On a side note, the shelf/support from AudiAv uses several specific layers to address EMI/RFI. These materials are tested and chosen for their ability to mitigate the effects of EMI/RFI. All I can say is that prior to the shelf, while the computer rig sounded fine, it did have a slight glare or presence that was sort of obvious… things sounded good, just not great; a tad thin and grainy—too mid-rangy …not enough warmth. With the shelf under the Mac Book all I can say is wow… these sonic artifacts are gone and long forgotten. Warm, natural, smooth …very nice indeed. Seems that the Mac Book was no doubt emitting something that the Cary player did not like and with the shelf now acting as a shield, well …music now sounds very smooth and natural. I did try sheets of ERS paper to no affect. The shelf BIG affect… very positive! (I would like to note that in initially trying a Dell laptop prior to the Mac Book, the Dell clearly produced an audible hum from the system when placed near the Cary SLP-05 preamp. The Mac did not produce this hum; it was dead quiet, though both did cause similar sonic artifacts when placed above the Cary player.)
What is really cool is that the platform has a grounding connection on the rear to further attenuate the noise. Just connect a wire and attach that to an earth ground for even greater benefit. Mine is a custom order based on Audiav's Composite Signature Shelf…Nearly two inch (2") 50mm thick, hand-layered, quad HPL coated, dense, high-mass composite made up of cellulose, hemicellulose, and lignin in wood pulp blended with wax and resin polymers. The dense shelf composite has a lower resonance than glass, steel, acrylic, and solid woods. Patented center induction, ESD, Vibration, Thermal blocking layer(s). Internal layers of viscoelastics, asphalt, low mass composite closed cell nitrile reinforced neoprene bonded with patented layers of polychloroprene with rosin polymers... Highly recommended.
I prefer to use iTunes simply because the GUI is clean and simple, ripping is one touch, files are easily kept, etc… it works and does so in a way that meets my needs. I am using the computer set-up to play music on my terms… not to be the end all in high-end audio, but something that gets music out into the room—sort of a Clark radio station! And like I said, it sounds quite good as currently set up.
But still I was thinking …"Is ripping via iTunes the way to go?" So what did I try? I ripped the same song three different ways: 1) on my PC (custom Intel, Windows XP, Sony DVD/CDROM drives) via iTunes (set for Error Correction) and saved as Apple Lossless, 2) on my PC via EAC (tweaked for optimum rips) and saved to a wav. file which was then converted to Apple Lossless via Max, and 3) on the Mac Book via iTunes (set for Error Correction) as Apple Lossless. This gave me four files of the same song…
Playing them back on the Mac Book (the files were all located on the NAS) showed that for the most part they sounded WAY too much alike to prefer one over the other. Carol felt that to some degree she did not like the Lossless file ripped from the PC as much as the other three and I would agree, though the differences were subtle at best. Meaning that iTunes does a credible job in ripping files—equal to that of EAC—and that the wav. file sounded the same as an Apple Lossless file (as it should since they are the same exact file) and well …why bother going to all the trouble if iTunes works? So for me at least this does not matter.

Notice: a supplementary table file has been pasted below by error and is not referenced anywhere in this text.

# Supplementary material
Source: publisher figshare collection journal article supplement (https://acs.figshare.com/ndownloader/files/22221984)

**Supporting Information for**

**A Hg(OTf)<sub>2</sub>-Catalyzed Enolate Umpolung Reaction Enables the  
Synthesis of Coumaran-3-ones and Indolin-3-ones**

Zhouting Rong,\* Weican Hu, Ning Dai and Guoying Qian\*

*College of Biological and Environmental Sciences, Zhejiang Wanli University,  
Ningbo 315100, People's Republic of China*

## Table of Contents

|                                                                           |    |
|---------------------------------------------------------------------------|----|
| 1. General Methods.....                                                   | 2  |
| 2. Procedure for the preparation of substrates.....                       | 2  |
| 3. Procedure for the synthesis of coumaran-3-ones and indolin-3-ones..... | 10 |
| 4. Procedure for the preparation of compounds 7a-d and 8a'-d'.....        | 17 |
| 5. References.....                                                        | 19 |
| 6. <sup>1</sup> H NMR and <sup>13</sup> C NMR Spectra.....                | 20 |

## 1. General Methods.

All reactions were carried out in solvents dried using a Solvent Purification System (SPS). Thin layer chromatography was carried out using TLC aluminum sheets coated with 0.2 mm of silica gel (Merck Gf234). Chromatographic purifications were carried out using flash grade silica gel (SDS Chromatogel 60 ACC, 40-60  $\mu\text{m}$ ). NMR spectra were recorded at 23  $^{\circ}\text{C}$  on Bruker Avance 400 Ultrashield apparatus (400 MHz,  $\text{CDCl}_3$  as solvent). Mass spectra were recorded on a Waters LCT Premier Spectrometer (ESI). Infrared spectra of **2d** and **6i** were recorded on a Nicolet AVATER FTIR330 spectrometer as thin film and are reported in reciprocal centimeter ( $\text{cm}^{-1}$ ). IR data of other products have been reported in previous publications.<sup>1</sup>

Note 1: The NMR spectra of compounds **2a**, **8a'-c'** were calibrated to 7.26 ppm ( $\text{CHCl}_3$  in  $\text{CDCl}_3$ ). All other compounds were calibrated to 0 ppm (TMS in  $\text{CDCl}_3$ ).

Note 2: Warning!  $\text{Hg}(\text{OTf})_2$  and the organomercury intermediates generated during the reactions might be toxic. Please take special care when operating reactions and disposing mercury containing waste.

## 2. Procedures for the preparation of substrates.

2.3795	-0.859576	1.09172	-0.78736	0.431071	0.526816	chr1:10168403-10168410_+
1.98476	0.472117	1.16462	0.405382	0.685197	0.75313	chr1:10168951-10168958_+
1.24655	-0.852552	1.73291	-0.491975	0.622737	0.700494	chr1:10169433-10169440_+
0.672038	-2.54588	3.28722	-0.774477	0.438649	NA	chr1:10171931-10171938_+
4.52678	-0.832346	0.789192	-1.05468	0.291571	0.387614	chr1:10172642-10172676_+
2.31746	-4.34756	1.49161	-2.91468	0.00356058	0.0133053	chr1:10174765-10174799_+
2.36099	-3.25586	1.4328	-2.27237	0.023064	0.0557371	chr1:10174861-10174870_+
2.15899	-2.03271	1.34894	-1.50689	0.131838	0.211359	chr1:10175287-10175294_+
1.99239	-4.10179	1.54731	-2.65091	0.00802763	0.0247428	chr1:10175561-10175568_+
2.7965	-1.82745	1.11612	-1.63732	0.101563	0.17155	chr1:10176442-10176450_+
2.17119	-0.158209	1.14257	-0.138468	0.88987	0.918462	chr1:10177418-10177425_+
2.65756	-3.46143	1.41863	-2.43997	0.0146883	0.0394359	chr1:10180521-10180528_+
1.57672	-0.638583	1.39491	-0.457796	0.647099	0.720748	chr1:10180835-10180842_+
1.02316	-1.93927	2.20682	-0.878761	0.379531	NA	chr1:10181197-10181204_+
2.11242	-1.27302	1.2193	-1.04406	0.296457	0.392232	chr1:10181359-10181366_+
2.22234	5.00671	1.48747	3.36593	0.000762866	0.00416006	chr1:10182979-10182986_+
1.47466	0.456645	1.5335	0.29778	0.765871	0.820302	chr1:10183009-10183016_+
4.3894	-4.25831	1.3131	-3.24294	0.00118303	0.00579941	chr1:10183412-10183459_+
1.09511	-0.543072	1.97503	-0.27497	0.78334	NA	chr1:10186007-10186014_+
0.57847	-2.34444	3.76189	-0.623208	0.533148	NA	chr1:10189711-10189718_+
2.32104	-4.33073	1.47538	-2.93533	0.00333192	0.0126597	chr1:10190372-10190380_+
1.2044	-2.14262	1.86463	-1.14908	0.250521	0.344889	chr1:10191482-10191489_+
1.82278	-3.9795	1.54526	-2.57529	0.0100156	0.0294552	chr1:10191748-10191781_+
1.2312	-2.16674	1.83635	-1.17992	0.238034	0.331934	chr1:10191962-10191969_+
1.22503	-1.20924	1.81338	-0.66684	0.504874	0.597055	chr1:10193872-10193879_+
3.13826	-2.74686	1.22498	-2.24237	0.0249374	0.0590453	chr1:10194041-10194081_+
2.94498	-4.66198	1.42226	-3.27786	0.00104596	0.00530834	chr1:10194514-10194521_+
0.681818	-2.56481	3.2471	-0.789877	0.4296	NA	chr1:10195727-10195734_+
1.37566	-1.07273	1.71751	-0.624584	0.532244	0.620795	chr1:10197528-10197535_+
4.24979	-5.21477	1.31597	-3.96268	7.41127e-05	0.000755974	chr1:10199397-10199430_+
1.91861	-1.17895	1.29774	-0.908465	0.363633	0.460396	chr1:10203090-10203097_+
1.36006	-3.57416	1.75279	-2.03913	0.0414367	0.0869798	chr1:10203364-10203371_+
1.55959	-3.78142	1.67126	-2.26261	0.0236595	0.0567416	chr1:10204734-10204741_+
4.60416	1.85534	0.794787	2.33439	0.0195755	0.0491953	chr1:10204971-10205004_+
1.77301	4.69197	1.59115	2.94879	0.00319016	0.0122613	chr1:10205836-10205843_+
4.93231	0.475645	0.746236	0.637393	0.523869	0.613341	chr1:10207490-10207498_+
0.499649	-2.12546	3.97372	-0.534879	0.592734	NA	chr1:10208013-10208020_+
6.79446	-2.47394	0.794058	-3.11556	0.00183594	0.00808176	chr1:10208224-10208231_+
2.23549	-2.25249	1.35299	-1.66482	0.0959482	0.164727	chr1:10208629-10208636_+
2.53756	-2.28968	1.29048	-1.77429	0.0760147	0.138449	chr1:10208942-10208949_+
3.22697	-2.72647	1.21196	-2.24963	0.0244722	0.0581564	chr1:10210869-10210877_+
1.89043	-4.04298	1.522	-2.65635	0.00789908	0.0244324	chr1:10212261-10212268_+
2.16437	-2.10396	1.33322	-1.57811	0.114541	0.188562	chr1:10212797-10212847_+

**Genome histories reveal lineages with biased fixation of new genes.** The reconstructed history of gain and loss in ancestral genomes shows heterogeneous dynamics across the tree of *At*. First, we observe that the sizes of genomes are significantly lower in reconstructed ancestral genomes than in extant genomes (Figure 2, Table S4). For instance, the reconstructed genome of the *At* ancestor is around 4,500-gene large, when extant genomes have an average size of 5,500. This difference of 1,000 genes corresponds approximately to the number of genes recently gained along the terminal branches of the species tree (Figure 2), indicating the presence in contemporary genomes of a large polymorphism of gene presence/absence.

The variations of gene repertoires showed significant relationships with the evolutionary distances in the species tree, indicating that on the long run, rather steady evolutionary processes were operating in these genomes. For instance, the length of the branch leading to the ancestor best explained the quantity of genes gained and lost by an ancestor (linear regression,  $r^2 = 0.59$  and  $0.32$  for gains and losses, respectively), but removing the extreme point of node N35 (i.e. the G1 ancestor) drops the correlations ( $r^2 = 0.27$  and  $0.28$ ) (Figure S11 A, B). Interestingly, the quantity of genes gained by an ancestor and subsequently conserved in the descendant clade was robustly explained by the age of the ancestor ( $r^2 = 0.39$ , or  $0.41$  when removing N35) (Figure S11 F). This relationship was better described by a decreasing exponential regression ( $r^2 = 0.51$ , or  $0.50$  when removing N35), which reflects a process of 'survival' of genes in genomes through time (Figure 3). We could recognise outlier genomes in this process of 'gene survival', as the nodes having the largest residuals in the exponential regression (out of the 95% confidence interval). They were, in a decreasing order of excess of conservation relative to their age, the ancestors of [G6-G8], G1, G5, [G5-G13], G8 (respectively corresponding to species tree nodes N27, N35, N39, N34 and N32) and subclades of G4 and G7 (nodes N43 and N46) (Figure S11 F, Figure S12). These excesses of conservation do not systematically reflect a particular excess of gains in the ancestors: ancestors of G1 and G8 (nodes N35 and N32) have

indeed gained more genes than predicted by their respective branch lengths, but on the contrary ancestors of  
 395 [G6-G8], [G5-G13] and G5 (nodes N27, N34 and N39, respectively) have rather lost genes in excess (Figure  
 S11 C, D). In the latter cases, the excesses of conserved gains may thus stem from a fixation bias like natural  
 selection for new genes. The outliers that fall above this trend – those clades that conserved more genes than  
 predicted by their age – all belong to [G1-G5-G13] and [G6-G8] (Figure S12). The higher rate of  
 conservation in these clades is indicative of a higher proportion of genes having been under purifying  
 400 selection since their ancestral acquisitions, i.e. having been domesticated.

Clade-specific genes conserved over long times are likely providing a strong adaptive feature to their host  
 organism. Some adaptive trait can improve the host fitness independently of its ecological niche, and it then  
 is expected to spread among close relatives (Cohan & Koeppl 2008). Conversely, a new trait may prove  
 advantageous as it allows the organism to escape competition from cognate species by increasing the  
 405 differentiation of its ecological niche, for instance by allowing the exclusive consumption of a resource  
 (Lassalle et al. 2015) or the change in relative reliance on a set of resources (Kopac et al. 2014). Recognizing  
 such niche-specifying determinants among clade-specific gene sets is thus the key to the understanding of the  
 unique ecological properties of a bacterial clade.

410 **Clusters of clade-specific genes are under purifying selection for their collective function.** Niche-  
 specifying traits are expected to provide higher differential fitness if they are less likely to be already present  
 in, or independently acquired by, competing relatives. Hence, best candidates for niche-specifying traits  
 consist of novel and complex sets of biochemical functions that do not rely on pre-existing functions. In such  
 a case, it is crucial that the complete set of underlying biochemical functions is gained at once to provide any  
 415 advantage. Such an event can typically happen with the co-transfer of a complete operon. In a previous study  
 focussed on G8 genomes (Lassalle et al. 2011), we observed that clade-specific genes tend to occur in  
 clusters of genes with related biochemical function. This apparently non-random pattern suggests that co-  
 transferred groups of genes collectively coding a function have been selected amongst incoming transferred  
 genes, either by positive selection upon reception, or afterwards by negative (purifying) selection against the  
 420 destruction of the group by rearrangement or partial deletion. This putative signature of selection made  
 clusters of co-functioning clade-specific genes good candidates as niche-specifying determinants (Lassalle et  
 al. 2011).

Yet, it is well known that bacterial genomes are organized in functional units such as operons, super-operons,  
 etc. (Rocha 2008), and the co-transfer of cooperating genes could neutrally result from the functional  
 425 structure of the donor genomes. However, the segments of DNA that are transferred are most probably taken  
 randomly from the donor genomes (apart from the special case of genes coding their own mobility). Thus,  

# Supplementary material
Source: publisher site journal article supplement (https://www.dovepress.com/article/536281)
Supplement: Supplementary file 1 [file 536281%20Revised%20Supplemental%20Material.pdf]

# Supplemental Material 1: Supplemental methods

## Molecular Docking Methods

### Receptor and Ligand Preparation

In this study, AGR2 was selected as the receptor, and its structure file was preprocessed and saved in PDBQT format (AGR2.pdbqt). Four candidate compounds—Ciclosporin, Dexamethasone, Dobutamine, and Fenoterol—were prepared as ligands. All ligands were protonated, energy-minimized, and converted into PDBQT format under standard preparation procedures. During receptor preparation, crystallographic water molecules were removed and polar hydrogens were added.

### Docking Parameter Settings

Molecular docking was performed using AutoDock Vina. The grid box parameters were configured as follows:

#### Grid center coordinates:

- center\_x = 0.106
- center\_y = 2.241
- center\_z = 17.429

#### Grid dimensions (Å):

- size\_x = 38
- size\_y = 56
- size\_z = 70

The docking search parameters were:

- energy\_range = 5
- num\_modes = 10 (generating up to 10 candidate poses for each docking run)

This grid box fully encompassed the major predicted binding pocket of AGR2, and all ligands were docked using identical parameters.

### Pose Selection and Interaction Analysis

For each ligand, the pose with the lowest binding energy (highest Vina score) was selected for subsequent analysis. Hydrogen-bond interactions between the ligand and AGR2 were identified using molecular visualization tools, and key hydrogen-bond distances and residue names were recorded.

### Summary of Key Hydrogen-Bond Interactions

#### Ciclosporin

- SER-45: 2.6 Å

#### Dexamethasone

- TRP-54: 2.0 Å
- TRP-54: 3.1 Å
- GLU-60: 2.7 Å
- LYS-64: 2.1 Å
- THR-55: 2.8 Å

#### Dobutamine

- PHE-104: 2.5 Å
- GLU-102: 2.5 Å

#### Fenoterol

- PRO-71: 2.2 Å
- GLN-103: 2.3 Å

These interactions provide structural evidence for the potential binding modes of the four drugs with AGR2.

Even so, everyone seems to be hearing something different with different computers running different software, ripped differently, etc. And no doubt one should… different computers, different set-ups, different configurations, different tastes/preferences… get you different results. To a great extent I am starting to think that audible differences may be related more to how you have the WHOLE system set-up—the ability of your processor to process the computer being used and how it works with the software—can you say gestalt or synergy?), the quality of the AC or DC, quality of the cables and convertors, the position of the moon, etc—than anything else. So I guess one has to look at what they are doing and do it in a way that works for them and their set-up; seems that there is no clear path in computer audio …too many variables to deal with to make any absolute proclamations about what is the best way to get music from here to there. Then again, there is the pro idea …pay a premium to run pro software and rip by whatever from whatever because it will sound WAY better than how I am currently doing it. For me this simply means that if you can hear a difference, then knock yourself out (heck even the guys who write the stuff say that they all should sound the same …any differences are impossible if you understand code, which is all it is… code—it either works or it doesn't).
Right now it sounds really good; as good as the Cary or EMM spinning CDs …which was never what I was ever really after… but ended up with anyhow… so this is way cool. Perhaps it is all a matter of synergy… getting the whole set-up to work together …and right now I seem to have that working in spades ...but still more to come!
DH Labs www.silversonic.com
Locus Design http://www.locus-design.com
Hagerman Technology www.hagtech.com
Audio Magus www.audio-magus.com
Empirical Audio www.empiricalaudio.com
Purist Audio Designs www.puristaudiodesign.com
Moon Audio www.moon-audio.com
Herbie's Audio Lab http://herbiesaudiolab.net